Dallas also has two other situations regarding new contracts. With Dak Prescott, Ezekiel Elliott, and Amari Cooper all looking for contract extensions that will cost the team in the ballpark of $67 million a season you do not want to necessarily compromise the rest of your roster. If you can get an easier extension done you should get that out of the way and get that player situated within your salary cap structure. It also protects you from losing a player like Smith in the RFA process due to cap considerations (and this is the only reason besides the Cowboys throwing Smith a bone that I would see using a first round tender).
Secondly two of those pending three free agent discussions have gotten a little ugly, especially in the case of Elliott. Sometimes you just want to send a good message through your locker room and to the outside about how you are dealing with your players. This certainly accomplishes that goal.
When we get into guaranteed salary sometimes we get wrapped up in overall numbers. We learned years ago with contracts not to get wrapped up in the total value of deals yet never did the same with guarantees. We also, rightfully so, try to value deals in new money terms to better compare free agents with extended players. Yet with guarantees that isn’t the case. We do this with our premium section but realistically when we look at guarantees you should be looking at the new guarantee as well as the guarantee per year on a contract.
The guarantee is essentially a tradeoff of risk. The player had the risk of injury. The burden now falls to the team. As a tradeoff teams will receive either a better annual value on the contract or better terms. For the big priced linebackers here is how the guarantees really work out.
|Player||Guaranteed||New Guarantee||Fully Guaranteed||Injury Guarantee per year||Full Guarantee Per Year|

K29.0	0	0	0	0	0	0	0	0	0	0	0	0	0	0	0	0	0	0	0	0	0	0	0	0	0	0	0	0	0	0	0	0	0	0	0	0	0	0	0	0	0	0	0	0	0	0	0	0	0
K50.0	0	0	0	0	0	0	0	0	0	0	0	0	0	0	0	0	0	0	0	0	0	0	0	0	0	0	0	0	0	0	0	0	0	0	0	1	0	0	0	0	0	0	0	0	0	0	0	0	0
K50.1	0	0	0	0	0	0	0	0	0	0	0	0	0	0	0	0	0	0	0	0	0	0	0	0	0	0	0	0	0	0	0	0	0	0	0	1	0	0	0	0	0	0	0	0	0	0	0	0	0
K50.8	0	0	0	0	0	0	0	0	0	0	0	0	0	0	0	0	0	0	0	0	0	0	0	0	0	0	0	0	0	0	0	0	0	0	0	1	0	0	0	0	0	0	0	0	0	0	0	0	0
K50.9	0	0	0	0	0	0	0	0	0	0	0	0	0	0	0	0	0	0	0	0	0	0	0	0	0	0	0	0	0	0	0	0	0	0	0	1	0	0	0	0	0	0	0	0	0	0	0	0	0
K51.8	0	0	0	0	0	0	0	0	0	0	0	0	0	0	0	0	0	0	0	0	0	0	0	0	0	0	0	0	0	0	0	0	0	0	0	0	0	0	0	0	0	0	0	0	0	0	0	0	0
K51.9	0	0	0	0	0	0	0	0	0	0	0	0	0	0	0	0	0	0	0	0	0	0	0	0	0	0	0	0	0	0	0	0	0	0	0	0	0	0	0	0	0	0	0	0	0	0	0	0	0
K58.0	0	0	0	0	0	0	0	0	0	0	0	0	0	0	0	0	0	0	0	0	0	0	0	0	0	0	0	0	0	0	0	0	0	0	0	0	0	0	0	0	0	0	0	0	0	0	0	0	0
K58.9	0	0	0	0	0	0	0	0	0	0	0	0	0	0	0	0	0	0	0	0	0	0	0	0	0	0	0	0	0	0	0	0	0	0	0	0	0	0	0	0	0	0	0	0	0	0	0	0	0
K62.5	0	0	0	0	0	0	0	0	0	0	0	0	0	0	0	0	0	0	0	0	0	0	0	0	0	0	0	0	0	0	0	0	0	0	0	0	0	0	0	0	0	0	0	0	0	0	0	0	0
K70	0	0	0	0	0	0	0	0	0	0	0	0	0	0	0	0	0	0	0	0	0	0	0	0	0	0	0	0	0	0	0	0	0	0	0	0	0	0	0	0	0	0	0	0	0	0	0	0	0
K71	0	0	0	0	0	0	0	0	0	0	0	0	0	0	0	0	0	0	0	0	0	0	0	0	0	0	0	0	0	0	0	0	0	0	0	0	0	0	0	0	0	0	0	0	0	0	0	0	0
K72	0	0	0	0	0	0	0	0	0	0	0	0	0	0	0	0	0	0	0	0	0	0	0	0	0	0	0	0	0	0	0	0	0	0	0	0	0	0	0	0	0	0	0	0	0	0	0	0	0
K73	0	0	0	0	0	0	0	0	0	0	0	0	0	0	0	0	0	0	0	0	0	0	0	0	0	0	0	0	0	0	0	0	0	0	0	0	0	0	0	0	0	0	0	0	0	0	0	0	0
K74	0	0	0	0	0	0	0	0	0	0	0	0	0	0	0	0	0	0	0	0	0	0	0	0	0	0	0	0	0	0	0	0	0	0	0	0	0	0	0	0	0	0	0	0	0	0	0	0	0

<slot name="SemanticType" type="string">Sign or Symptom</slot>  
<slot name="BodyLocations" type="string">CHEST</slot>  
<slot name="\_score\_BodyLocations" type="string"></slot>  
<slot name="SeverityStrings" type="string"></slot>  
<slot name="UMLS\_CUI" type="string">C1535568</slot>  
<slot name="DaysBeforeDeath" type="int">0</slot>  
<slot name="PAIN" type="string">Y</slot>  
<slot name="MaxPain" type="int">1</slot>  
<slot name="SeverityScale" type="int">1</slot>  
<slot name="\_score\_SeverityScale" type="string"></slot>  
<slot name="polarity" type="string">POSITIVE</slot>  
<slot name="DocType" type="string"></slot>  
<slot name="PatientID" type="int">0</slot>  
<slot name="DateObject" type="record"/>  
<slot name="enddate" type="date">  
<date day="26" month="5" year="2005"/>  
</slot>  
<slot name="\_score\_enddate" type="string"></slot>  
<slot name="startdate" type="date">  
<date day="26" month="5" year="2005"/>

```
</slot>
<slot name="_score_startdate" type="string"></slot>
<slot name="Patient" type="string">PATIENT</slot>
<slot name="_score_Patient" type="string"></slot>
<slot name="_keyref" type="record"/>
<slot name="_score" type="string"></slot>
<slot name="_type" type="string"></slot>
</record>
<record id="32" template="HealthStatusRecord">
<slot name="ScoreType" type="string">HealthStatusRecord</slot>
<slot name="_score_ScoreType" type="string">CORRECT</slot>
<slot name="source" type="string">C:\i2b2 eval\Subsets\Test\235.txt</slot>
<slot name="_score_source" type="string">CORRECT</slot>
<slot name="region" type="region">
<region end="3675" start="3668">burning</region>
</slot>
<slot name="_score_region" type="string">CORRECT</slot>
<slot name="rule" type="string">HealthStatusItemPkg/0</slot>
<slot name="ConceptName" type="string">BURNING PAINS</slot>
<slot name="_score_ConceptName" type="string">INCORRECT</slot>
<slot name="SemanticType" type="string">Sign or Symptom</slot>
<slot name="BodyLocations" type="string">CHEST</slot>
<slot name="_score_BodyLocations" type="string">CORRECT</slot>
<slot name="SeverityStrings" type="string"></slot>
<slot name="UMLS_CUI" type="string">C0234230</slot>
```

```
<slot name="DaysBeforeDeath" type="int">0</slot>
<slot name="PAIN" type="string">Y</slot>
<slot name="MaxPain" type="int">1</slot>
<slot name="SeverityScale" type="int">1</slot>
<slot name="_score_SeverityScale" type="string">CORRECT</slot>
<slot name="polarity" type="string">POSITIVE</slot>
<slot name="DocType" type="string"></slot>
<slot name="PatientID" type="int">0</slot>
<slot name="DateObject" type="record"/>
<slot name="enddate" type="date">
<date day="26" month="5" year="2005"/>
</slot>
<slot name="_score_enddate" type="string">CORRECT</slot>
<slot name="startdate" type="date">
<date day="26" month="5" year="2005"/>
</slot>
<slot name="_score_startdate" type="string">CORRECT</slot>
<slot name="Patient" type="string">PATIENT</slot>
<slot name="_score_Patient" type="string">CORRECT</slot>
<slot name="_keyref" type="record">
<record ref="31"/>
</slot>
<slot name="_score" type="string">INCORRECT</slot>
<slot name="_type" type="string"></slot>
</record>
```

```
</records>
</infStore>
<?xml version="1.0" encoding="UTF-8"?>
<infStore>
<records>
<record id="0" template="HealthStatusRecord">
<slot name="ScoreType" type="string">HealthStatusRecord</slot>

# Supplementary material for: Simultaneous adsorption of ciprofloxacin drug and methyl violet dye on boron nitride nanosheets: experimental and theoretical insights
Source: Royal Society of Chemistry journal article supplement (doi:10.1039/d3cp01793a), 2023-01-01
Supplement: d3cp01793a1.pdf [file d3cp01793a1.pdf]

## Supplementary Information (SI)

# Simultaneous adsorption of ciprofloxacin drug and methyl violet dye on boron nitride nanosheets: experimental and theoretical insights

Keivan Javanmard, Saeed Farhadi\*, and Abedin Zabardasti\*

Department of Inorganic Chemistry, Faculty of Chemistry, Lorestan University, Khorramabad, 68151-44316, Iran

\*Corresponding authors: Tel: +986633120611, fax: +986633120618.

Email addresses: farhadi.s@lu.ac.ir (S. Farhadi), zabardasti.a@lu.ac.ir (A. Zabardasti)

When you use those numbers you see that the Smith contract, because it runs five rather than four years and because it has two years of existing salaries baked into the guarantee the monster $35.5 million doesn’t stand out as much. Dallas gets an added year of cost control on a player and throws in a guarantee label on salary he was already expected to make.
The only risk for Dallas here is that they are more or less pre-buying into a franchise tag in 2021 (Smiths new money through the end of 2021, when he would have been tag eligible) is $20.2 million. If things were to go south this year or next that is a lot of coin to pay for a player, but that is a risk you take when you get what is a discount.
On a year by year cash flow basis there are advantages for Smith. Here is the market comparison.
|Player||Year 0||Year 1||Year 2||Year 3||Year 4||Year 5|
His extension year salaries are solid and his first year number beats out Mosley. He will out earn two higher priced players through year 2 and will still top Barr in year 3. Those are the most important years for a player, though less important for an extension like this than a pure free agent contract. The turn to the Cowboys favor comes in year 4 and especially year 5 where most of the other players will get another chance at free agency.
From a cap standpoint there isn’t anything too wild. The team had to use an option in 2020 to make the 30% rule work but $13 million in staggered prorated money is workable. Despite the $12.75 million valuation only once will the cap rise above that figure and the front end is very manageable.
Overall Dallas should be pretty happy because this is a PR win and they get a pretty deep discount assuming Smith remains healthy. Like with the La’el Collins contract a few years ago they also send a message to the locker room of trust. Smith should be happy as well with some financial certainty and up front numbers for someone who a few years ago wasn’t sure if he would be playing again.
Jason is the founder of OTC and has been studying NFL contracts and the salary cap for over 15 years. Jason has co-authored two books about the NFL, Crunching Numbers and the Drafting Stage, which are widely circulated in the industry and hosts the OTC Podcast. Jason’s work has been featured in various publications including the Sporting News, Sports Illustrated, NFL Network and more. OTC is widely considered the leading authority on contract matters in the NFL.